Snapchat's potential $25m flotation may sink company's appeal

Snapchat

There is a lot of fake news around on social media these days, but there is a specific reason why we cannot be 100% certain that the owner of Snapchat has filed for an initial public offering (IPO), or flotation.

Regulations in the US allow companies with revenues of less than $1bn (£800m) to keep the process private in its early stages. Snap, as the parent is called, falls into that category, thus the plan to go public has not been announced, merely hinted at.

Hold on, you might say, if Snapchat isn’t even bringing in $1bn-a-year in revenue how can it possibly be worth the rumoured $20bn-$25bn? Well, quite. This IPO takes us back to a world of hype in which heroic assumptions are made about a social media newcomer’s ability to attract advertising dollars.

Last time it was Twitter, which was going to be the next Facebook until it became clear it wasn’t. Twitter’s shares were priced at $26 at IPO in 2013, zoomed as high $70, but are now $19. The problem with Twitter as a vehicle for advertisers is exactly as predicted: unlike Facebook, the medium is fast and furious and users tend to resent commercial intrusions.

Snapchat, which allows users to send disappearing messages from their smartphones, seems even less equipped to turn itself into an effective advertising billboard. Yet Wall Street seems similarly smitten by the statistic that Snapchat’s has 150 million daily users. It makes no sense. This is a four-year-old company with modest revenues (an estimated $350m for 2016) that is still creating its business model. Maybe it will be worth $20bn-$25bn if it can overcome the challenges – but the valuation would be absurd today.

Morrisons cosies up to Amazon

It’s a strange sort of “exclusivity” deal that allows you to jump into bed with whoever takes your fancy. But Morrisons insists its tie-up with Amazon doesn’t infringe upon the contract it signed with Ocado. In the new “Morrisons at Amazon” operation, it is acting as a wholesaler supplying the US titan. By contrast, Morrisons is the customer in the arrangement whereby Ocado operates the morrisons.com website.

Confused? One assumes David Potts, Morrisons chief executive, had his lawyers check every possible wrinkle before signing with Amazon. If he is indeed on solid ground, one can understand why Ocado’s share price tumbled 8.5%. Life has become even trickier for the Hatfield-based technology whizzes.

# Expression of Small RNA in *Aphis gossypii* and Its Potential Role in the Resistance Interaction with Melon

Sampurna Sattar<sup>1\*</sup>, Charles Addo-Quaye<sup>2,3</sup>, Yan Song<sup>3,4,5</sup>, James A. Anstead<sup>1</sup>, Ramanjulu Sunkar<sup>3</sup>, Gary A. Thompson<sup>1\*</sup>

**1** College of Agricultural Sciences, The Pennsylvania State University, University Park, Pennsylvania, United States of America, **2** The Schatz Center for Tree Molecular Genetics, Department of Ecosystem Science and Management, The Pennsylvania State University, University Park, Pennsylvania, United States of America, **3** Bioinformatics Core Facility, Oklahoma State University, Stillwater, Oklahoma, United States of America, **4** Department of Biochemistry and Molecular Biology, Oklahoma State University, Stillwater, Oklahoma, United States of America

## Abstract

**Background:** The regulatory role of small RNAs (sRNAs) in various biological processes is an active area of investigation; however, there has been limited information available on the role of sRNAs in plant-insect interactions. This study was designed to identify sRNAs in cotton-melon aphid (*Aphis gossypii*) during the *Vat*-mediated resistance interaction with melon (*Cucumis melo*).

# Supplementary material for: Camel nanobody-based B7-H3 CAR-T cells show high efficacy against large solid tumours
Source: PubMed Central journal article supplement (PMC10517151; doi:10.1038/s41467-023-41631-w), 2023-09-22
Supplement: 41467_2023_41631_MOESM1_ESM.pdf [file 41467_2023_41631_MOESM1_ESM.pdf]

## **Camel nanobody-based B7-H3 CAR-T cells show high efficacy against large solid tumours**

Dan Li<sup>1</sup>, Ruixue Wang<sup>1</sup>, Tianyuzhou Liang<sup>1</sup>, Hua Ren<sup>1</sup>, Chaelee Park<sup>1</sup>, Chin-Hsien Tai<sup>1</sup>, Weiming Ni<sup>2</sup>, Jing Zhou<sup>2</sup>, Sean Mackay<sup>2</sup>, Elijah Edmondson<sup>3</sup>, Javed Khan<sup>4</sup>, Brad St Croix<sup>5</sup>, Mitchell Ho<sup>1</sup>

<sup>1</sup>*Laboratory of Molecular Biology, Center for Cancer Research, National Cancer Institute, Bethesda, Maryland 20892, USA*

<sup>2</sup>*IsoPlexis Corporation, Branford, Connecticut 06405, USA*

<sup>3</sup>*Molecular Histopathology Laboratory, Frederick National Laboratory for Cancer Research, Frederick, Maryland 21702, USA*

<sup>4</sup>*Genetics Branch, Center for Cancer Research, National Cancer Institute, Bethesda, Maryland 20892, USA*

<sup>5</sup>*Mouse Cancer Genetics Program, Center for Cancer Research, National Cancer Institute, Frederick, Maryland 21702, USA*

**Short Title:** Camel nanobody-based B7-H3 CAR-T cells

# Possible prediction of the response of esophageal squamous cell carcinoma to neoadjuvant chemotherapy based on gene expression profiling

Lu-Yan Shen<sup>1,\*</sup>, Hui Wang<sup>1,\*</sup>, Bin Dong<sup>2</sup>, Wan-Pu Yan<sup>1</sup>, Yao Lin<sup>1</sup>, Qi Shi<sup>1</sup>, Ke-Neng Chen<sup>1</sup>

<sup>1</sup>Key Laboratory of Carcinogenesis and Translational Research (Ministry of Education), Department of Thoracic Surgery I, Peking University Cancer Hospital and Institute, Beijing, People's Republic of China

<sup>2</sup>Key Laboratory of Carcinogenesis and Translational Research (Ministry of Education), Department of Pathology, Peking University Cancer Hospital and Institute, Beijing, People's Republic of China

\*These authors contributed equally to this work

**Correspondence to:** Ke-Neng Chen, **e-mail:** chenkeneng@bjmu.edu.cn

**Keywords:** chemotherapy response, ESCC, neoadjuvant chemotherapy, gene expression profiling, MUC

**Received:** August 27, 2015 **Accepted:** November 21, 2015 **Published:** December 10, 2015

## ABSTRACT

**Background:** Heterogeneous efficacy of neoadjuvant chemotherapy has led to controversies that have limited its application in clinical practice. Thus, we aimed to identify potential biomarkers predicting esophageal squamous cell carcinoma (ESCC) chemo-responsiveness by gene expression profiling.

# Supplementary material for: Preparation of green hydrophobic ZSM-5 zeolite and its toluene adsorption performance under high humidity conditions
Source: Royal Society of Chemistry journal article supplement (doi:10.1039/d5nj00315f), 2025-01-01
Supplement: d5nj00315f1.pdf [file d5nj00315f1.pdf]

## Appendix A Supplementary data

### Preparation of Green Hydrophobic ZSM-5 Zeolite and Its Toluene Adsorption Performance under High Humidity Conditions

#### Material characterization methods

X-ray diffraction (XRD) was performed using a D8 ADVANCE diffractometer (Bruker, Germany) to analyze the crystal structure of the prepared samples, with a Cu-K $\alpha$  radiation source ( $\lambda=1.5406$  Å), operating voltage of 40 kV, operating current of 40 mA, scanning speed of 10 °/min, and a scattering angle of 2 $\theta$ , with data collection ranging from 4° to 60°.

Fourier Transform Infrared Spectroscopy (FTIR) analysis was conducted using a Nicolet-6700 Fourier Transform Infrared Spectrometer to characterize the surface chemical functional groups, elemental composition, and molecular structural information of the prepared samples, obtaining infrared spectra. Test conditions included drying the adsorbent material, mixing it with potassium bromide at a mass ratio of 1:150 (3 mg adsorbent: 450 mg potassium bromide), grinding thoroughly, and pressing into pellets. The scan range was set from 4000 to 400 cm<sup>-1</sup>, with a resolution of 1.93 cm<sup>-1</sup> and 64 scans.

Ocado still relies on one big supplier, Waitrose, for goods for its own online operation; but Waitrose operates a competing service and shows occasional signs of having itchy feet. Now Morrisons, the only firm to pay to use Ocado’s kit, is getting cuddly with Amazon.

On the plus side, “Morrisons at Amazon” seems aimed primarily at commuters who can’t be bothered to visit a shop on their way home and are willing to pay £6.99 to have their evening grub delivered within the hour. On the other hand, there is a free same-day offer for those prepared to wait a little longer and the range of Morrisons goods runs to “thousands” of lines. That, potentially, is more dangerous from Ocado’s point of view.

It is a trial, confined to “selected” postcodes in London and Hertfordshire, so could yet fizzle out. But it will probably make it harder for Ocado to sell its services to those overseas retailers it has been wooing for ages. None has signed so far and now Morrisons has invented a new online model for supermarkets – being a wholesaler to Amazon.

Mind you, Potts shouldn’t spend too much time congratulating himself on his own cleverness. The point about being a wholesaler is that you can’t dictate retail prices. If Amazon tries to undercut Morrisons on Morrisons-branded goods, he has a problem. There is also a moral for all supermarkets: the Amazonian beast is inventive and intends to hang around.

RBS faces up to US Department for Justice

If freelance diplomat Nigel Farage wants to make himself properly useful maybe he could have a word with his American chums about Royal Bank of Scotland. The US Department for Justice will hit RBS with a fine of $5bn-$12bn, or possibly more, says James Leigh-Pemberton, head of the body that oversees the state’s stake in the bailed-out bank. The estimate tallies with the City’s guess of the penalty for mis-selling mortgage securities in the pre-crisis years.

Unfortunately, nobody’s diplomacy will make any difference. The justice department operates to its own rules and RBS is towards the back of the queue of miscreant banks, probably the worst place to be. The US banks settled first, for reasons that have never been explained.

Powered by Guardian.co.ukThis article was written by Nils Pratley, for The Guardian on Wednesday 16th November 2016 19.45 Europe/London

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